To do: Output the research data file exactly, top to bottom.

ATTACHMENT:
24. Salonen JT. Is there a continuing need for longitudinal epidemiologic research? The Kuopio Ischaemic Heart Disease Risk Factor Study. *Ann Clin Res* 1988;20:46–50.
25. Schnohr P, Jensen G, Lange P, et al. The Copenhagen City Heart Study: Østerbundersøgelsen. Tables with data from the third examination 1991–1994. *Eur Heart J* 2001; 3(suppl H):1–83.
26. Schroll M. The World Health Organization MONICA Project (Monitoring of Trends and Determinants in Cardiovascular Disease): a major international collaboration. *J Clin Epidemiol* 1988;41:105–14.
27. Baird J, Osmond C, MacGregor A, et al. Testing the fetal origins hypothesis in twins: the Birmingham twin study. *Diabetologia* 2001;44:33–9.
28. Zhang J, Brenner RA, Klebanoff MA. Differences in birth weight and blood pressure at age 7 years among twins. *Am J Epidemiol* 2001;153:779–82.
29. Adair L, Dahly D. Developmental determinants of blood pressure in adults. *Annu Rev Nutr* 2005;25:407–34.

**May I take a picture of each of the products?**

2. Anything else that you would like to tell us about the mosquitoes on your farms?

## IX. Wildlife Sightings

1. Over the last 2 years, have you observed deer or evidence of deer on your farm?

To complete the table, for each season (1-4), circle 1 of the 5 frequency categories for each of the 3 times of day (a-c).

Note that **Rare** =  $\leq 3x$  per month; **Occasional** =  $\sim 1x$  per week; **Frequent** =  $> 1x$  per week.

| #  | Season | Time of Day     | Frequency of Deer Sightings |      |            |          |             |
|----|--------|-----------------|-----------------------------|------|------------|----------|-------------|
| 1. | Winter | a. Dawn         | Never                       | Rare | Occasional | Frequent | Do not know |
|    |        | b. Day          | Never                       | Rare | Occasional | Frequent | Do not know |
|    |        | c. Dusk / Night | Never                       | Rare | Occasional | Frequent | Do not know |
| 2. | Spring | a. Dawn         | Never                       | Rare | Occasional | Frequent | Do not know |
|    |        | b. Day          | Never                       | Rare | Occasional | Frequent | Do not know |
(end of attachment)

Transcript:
24. Salonen JT. Is there a continuing need for longitudinal epidemiologic research? The Kuopio Ischaemic Heart Disease Risk Factor Study. *Ann Clin Res* 1988;20:46–50.
25. Schnohr P, Jensen G, Lange P, et al. The Copenhagen City Heart Study: Østerbundersøgelsen. Tables with data from the third examination 1991–1994. *Eur Heart J* 2001; 3(suppl H):1–83.
26. Schroll M. The World Health Organization MONICA Project (Monitoring of Trends and Determinants in Cardiovascular Disease): a major international collaboration. *J Clin Epidemiol* 1988;41:105–14.
27. Baird J, Osmond C, MacGregor A, et al. Testing the fetal origins hypothesis in twins: the Birmingham twin study. *Diabetologia* 2001;44:33–9.
28. Zhang J, Brenner RA, Klebanoff MA. Differences in birth weight and blood pressure at age 7 years among twins. *Am J Epidemiol* 2001;153:779–82.
29. Adair L, Dahly D. Developmental determinants of blood pressure in adults. *Annu Rev Nutr* 2005;25:407–34.

**May I take a picture of each of the products?**

2. Anything else that you would like to tell us about the mosquitoes on your farms?

## IX. Wildlife Sightings

1. Over the last 2 years, have you observed deer or evidence of deer on your farm?

To complete the table, for each season (1-4), circle 1 of the 5 frequency categories for each of the 3 times of day (a-c).

Note that **Rare** =  $\leq 3x$  per month; **Occasional** =  $\sim 1x$  per week; **Frequent** =  $> 1x$  per week.

| #  | Season | Time of Day     | Frequency of Deer Sightings |      |            |          |             |
|----|--------|-----------------|-----------------------------|------|------------|----------|-------------|
| 1. | Winter | a. Dawn         | Never                       | Rare | Occasional | Frequent | Do not know |
|    |        | b. Day          | Never                       | Rare | Occasional | Frequent | Do not know |
|    |        | c. Dusk / Night | Never                       | Rare | Occasional | Frequent | Do not know |
| 2. | Spring | a. Dawn         | Never                       | Rare | Occasional | Frequent | Do not know |
|    |        | b. Day          | Never                       | Rare | Occasional | Frequent | Do not know |